You should read the t&c of AmEx as they differ from country to country given the local differences in the markets. And they also differ from card (company) to card (Company).

    My advise is to read t&c and contact AmEx as soon as possible and finally ask them about the procedures. Usually you have to fill out a police report (even if no other car was involved but a tree, pole, sign, etc.)

  7. Easy going. The rental car companies are used to having cars returned damaged and then it follows an automated process. Damage assessment -> repair -> billing (minus any deductible from insurance).

    If you rented the car with an Amex Platinum make sure you read the fine print. Most of these policies require that you notify Amex or the insurance underwriter within a certain time. Amex process should be relatively painless from prior experience as long as you followed the instructions and terms&conditions. I’m not sure if Amex will be hung up on the fact that there is already an insurance involved as usually they say you should decline all additional insurance with the rental company.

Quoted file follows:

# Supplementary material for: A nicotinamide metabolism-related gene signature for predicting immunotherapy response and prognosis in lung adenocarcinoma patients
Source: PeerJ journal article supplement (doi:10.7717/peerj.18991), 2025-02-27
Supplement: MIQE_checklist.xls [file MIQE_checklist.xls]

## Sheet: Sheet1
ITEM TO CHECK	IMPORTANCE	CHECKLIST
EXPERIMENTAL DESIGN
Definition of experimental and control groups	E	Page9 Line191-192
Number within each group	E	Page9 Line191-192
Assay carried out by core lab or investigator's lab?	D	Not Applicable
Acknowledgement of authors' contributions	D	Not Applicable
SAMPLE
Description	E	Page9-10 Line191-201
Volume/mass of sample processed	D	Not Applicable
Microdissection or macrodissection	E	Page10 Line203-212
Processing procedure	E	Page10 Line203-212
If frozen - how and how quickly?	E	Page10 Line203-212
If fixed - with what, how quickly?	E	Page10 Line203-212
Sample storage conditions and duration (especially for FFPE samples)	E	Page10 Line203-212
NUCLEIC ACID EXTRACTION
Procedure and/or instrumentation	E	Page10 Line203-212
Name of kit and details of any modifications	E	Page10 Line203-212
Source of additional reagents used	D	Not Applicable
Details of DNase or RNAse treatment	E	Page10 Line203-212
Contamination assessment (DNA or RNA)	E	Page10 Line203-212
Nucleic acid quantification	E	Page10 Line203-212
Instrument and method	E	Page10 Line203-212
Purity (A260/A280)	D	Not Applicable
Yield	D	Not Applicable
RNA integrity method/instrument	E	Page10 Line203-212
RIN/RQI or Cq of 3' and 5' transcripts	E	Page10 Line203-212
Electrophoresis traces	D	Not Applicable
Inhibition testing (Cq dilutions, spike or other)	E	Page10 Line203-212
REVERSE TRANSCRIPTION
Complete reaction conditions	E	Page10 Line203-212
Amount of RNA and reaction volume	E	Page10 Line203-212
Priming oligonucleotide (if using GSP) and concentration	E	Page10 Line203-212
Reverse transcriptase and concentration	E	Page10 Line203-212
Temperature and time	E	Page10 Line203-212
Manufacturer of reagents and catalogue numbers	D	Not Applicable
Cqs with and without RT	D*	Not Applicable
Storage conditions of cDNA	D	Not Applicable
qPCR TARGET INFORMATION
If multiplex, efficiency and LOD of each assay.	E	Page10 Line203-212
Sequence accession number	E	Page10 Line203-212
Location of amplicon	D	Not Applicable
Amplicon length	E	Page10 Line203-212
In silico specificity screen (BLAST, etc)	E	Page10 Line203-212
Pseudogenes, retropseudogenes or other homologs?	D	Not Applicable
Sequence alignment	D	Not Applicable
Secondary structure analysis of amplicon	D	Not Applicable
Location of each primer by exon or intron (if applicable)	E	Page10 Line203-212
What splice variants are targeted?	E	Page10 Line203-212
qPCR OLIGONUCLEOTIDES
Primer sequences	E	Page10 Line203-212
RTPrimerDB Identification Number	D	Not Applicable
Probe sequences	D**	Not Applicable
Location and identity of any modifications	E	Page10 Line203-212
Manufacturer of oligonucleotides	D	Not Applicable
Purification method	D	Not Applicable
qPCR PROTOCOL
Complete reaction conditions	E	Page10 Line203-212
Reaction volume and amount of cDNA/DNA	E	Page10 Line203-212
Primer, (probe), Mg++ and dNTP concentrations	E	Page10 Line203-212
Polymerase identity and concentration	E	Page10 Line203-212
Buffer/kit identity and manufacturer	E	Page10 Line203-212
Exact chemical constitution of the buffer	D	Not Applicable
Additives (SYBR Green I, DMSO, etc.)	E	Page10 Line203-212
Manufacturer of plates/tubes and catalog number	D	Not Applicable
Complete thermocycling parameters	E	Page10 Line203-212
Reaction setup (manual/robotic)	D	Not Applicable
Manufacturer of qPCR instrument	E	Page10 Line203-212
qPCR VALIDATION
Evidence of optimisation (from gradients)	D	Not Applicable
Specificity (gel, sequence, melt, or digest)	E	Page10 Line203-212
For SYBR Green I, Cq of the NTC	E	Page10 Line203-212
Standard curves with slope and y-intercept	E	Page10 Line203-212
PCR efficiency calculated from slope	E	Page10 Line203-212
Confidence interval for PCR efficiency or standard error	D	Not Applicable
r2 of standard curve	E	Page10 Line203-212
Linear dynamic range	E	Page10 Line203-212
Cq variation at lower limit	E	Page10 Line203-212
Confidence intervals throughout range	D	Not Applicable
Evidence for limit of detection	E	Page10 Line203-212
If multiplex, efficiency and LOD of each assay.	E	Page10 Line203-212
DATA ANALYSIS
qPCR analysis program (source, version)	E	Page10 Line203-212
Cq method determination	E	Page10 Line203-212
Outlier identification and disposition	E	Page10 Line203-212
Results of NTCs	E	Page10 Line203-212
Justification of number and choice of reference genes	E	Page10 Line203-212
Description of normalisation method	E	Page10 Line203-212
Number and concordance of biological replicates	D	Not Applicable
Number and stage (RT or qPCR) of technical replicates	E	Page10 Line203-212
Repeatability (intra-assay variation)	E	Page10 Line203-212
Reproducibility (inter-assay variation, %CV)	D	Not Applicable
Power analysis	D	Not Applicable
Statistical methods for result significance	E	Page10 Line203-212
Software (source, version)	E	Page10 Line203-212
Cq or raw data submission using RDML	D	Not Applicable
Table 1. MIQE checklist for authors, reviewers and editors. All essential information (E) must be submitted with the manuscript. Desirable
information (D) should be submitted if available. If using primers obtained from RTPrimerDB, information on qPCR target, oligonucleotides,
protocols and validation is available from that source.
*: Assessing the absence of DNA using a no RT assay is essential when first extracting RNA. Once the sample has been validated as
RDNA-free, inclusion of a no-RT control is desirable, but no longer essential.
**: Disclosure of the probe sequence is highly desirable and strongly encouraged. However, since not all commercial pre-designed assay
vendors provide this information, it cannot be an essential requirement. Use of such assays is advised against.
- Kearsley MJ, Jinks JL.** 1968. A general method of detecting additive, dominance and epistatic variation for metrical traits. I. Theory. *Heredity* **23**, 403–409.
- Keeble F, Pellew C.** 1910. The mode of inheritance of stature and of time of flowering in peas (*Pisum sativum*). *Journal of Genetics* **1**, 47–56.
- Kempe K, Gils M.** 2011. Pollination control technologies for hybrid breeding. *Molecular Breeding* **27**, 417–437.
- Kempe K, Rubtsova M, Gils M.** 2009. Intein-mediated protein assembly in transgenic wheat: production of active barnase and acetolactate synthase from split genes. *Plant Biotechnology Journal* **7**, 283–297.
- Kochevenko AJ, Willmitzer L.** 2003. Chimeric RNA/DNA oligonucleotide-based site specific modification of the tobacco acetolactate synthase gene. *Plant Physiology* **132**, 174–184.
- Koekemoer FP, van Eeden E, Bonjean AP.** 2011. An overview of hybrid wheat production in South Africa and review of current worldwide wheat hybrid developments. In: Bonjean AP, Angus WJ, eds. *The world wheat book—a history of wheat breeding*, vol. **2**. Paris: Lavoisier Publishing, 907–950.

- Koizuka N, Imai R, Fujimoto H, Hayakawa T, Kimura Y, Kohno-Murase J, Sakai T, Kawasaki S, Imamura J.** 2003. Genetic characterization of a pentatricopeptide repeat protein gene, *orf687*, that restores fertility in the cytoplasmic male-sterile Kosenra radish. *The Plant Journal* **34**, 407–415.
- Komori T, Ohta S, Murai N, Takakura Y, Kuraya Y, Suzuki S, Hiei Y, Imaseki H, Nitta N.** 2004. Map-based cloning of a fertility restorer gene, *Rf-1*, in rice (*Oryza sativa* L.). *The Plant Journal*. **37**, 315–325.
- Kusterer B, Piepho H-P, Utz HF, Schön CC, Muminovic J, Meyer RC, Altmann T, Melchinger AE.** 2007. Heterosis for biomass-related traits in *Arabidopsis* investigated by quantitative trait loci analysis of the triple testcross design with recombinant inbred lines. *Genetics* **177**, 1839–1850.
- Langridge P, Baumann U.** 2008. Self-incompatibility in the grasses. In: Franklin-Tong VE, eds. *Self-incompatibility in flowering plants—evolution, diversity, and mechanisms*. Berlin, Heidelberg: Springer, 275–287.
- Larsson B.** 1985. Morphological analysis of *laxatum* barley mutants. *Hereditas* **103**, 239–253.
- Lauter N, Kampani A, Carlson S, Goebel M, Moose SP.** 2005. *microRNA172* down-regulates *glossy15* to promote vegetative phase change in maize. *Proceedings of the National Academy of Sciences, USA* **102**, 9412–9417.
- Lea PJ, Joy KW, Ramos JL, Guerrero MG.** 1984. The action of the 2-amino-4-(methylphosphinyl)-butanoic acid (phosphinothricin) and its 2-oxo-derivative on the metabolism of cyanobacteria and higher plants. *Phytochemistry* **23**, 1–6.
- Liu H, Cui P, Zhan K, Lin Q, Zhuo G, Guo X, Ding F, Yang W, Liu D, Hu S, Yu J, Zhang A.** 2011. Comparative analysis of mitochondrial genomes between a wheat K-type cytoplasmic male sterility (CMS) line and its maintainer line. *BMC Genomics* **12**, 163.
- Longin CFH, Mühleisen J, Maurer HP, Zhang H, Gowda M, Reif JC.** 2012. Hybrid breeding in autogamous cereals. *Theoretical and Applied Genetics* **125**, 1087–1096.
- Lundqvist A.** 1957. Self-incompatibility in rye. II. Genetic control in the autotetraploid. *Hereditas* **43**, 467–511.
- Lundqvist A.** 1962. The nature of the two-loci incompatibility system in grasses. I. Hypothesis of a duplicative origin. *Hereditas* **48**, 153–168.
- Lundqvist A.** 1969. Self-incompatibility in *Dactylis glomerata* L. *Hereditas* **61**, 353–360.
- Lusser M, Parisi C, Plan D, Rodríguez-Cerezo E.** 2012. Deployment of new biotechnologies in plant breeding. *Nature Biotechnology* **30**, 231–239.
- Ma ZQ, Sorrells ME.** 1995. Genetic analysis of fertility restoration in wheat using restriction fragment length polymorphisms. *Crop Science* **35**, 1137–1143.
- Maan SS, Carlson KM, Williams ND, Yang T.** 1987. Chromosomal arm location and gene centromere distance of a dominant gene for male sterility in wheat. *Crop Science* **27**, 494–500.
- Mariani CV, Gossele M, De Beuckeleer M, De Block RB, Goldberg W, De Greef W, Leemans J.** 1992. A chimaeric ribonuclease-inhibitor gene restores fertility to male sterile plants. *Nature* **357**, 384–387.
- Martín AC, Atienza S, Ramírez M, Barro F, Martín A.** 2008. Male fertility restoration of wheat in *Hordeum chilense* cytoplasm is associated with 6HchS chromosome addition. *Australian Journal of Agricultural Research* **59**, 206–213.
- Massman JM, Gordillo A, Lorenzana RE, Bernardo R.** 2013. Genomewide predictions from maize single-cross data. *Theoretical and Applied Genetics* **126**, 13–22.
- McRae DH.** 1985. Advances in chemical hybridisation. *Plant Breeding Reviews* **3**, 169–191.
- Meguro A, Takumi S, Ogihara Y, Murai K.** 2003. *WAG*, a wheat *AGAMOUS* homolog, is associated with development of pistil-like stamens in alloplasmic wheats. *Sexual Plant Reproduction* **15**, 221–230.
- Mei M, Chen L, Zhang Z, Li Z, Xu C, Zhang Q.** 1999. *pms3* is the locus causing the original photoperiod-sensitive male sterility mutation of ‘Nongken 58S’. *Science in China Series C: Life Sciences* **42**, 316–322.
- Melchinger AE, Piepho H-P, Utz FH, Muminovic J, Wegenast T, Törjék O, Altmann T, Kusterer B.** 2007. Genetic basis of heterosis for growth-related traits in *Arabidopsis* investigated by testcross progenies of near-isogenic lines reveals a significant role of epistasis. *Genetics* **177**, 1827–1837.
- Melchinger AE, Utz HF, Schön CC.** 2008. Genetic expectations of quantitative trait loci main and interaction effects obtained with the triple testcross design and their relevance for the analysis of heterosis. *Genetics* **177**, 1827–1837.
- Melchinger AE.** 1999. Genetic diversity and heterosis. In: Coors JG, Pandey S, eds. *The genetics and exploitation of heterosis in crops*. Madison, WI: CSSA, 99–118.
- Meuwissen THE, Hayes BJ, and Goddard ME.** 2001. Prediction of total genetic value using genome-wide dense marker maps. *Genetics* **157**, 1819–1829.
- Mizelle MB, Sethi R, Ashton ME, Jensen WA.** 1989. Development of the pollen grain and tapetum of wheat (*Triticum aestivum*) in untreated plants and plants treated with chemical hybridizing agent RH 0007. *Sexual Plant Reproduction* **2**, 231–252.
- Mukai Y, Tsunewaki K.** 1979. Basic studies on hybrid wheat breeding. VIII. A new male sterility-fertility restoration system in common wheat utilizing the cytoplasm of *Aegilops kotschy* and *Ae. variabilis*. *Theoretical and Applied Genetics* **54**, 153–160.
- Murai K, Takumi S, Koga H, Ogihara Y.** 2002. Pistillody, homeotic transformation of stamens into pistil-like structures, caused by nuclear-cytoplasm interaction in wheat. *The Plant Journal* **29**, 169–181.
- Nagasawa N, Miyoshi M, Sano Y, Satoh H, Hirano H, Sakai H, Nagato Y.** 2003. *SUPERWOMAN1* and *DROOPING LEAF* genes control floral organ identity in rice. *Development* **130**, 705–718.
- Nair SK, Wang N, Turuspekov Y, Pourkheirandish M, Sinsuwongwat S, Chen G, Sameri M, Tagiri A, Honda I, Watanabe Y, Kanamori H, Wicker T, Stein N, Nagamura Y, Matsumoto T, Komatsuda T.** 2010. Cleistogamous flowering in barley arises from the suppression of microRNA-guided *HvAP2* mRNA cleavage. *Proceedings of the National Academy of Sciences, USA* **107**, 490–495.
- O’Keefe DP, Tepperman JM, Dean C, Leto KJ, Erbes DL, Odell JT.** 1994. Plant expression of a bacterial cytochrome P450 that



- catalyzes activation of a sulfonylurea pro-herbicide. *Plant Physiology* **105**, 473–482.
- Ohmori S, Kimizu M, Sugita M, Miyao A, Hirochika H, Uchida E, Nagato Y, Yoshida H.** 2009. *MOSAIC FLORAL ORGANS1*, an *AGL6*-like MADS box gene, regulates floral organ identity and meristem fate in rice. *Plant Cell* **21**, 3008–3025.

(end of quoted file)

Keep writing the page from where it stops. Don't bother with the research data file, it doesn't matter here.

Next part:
This damage looks significant, I would expect this to cost somewhat in the region of 2500 EUR (yes it is crazy but bear in mind that a car on average is already double price than in the US).

  8. Call up American Express, get their help to open a claim with their insurance provider, there’s no reason not to do so.

    You’ll probably hear about the damage… eventually.

  9. +1 to what Gary said.